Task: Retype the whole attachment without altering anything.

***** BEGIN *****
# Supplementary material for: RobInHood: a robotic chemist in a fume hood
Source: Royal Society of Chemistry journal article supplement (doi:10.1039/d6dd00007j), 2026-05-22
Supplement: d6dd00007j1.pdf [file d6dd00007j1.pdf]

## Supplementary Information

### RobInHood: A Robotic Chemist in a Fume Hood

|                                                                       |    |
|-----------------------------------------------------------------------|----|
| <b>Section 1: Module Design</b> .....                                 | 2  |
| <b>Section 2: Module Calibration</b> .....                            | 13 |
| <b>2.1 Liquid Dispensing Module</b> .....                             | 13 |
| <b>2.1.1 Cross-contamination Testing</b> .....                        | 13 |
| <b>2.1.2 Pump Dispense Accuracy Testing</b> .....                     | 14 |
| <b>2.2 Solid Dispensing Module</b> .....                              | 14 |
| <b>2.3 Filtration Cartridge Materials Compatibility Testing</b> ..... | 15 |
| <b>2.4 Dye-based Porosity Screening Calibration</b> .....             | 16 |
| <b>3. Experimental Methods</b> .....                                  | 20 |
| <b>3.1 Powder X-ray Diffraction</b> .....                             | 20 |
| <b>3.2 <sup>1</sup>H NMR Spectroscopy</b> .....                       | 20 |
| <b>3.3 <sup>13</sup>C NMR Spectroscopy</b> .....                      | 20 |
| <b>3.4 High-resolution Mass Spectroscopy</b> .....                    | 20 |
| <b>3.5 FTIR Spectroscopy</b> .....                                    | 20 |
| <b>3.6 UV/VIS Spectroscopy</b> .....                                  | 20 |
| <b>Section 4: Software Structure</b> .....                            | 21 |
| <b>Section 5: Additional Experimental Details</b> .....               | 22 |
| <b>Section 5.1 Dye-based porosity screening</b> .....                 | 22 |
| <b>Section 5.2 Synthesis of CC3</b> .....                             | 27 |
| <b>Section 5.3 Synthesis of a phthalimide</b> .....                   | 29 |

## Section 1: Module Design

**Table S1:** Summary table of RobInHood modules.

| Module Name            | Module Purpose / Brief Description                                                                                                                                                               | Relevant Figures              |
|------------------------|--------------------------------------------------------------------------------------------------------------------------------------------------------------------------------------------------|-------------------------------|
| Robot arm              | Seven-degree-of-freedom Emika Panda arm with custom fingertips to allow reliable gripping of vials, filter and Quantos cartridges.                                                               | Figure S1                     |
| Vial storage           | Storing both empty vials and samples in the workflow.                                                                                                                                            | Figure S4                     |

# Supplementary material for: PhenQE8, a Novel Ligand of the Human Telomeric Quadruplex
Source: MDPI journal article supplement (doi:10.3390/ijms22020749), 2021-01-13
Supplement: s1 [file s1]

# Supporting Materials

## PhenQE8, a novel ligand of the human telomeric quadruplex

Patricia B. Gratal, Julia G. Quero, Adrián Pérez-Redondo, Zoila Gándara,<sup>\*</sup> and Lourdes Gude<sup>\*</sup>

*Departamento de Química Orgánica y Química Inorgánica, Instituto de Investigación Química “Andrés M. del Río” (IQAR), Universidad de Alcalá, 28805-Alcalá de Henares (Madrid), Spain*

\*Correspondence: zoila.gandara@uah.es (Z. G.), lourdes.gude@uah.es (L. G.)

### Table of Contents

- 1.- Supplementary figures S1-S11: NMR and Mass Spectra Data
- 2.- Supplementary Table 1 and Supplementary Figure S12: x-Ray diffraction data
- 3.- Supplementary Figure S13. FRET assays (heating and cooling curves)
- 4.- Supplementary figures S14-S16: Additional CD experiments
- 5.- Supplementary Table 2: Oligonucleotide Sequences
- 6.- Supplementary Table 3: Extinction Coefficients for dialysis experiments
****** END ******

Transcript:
# Supplementary material for: RobInHood: a robotic chemist in a fume hood
Source: Royal Society of Chemistry journal article supplement (doi:10.1039/d6dd00007j), 2026-05-22
Supplement: d6dd00007j1.pdf [file d6dd00007j1.pdf]

## Supplementary Information

### RobInHood: A Robotic Chemist in a Fume Hood

|                                                                       |    |
|-----------------------------------------------------------------------|----|
| <b>Section 1: Module Design</b> .....                                 | 2  |
| <b>Section 2: Module Calibration</b> .....                            | 13 |
| <b>2.1 Liquid Dispensing Module</b> .....                             | 13 |
| <b>2.1.1 Cross-contamination Testing</b> .....                        | 13 |
| <b>2.1.2 Pump Dispense Accuracy Testing</b> .....                     | 14 |
| <b>2.2 Solid Dispensing Module</b> .....                              | 14 |
| <b>2.3 Filtration Cartridge Materials Compatibility Testing</b> ..... | 15 |
| <b>2.4 Dye-based Porosity Screening Calibration</b> .....             | 16 |
| <b>3. Experimental Methods</b> .....                                  | 20 |
| <b>3.1 Powder X-ray Diffraction</b> .....                             | 20 |
| <b>3.2 <sup>1</sup>H NMR Spectroscopy</b> .....                       | 20 |
| <b>3.3 <sup>13</sup>C NMR Spectroscopy</b> .....                      | 20 |
| <b>3.4 High-resolution Mass Spectroscopy</b> .....                    | 20 |
| <b>3.5 FTIR Spectroscopy</b> .....                                    | 20 |
| <b>3.6 UV/VIS Spectroscopy</b> .....                                  | 20 |
| <b>Section 4: Software Structure</b> .....                            | 21 |
| <b>Section 5: Additional Experimental Details</b> .....               | 22 |
| <b>Section 5.1 Dye-based porosity screening</b> .....                 | 22 |
| <b>Section 5.2 Synthesis of CC3</b> .....                             | 27 |
| <b>Section 5.3 Synthesis of a phthalimide</b> .....                   | 29 |

## Section 1: Module Design

**Table S1:** Summary table of RobInHood modules.

| Module Name            | Module Purpose / Brief Description                                                                                                                                                               | Relevant Figures              |
|------------------------|--------------------------------------------------------------------------------------------------------------------------------------------------------------------------------------------------|-------------------------------|
| Robot arm              | Seven-degree-of-freedom Emika Panda arm with custom fingertips to allow reliable gripping of vials, filter and Quantos cartridges.                                                               | Figure S1                     |
| Vial storage           | Storing both empty vials and samples in the workflow.                                                                                                                                            | Figure S4                     |

# Supplementary material for: PhenQE8, a Novel Ligand of the Human Telomeric Quadruplex
Source: MDPI journal article supplement (doi:10.3390/ijms22020749), 2021-01-13
Supplement: s1 [file s1]

# Supporting Materials

## PhenQE8, a novel ligand of the human telomeric quadruplex

Patricia B. Gratal, Julia G. Quero, Adrián Pérez-Redondo, Zoila Gándara,<sup>\*</sup> and Lourdes Gude<sup>\*</sup>

*Departamento de Química Orgánica y Química Inorgánica, Instituto de Investigación Química “Andrés M. del Río” (IQAR), Universidad de Alcalá, 28805-Alcalá de Henares (Madrid), Spain*

\*Correspondence: zoila.gandara@uah.es (Z. G.), lourdes.gude@uah.es (L. G.)

### Table of Contents

- 1.- Supplementary figures S1-S11: NMR and Mass Spectra Data
- 2.- Supplementary Table 1 and Supplementary Figure S12: x-Ray diffraction data
- 3.- Supplementary Figure S13. FRET assays (heating and cooling curves)
- 4.- Supplementary figures S14-S16: Additional CD experiments
- 5.- Supplementary Table 2: Oligonucleotide Sequences
- 6.- Supplementary Table 3: Extinction Coefficients for dialysis experiments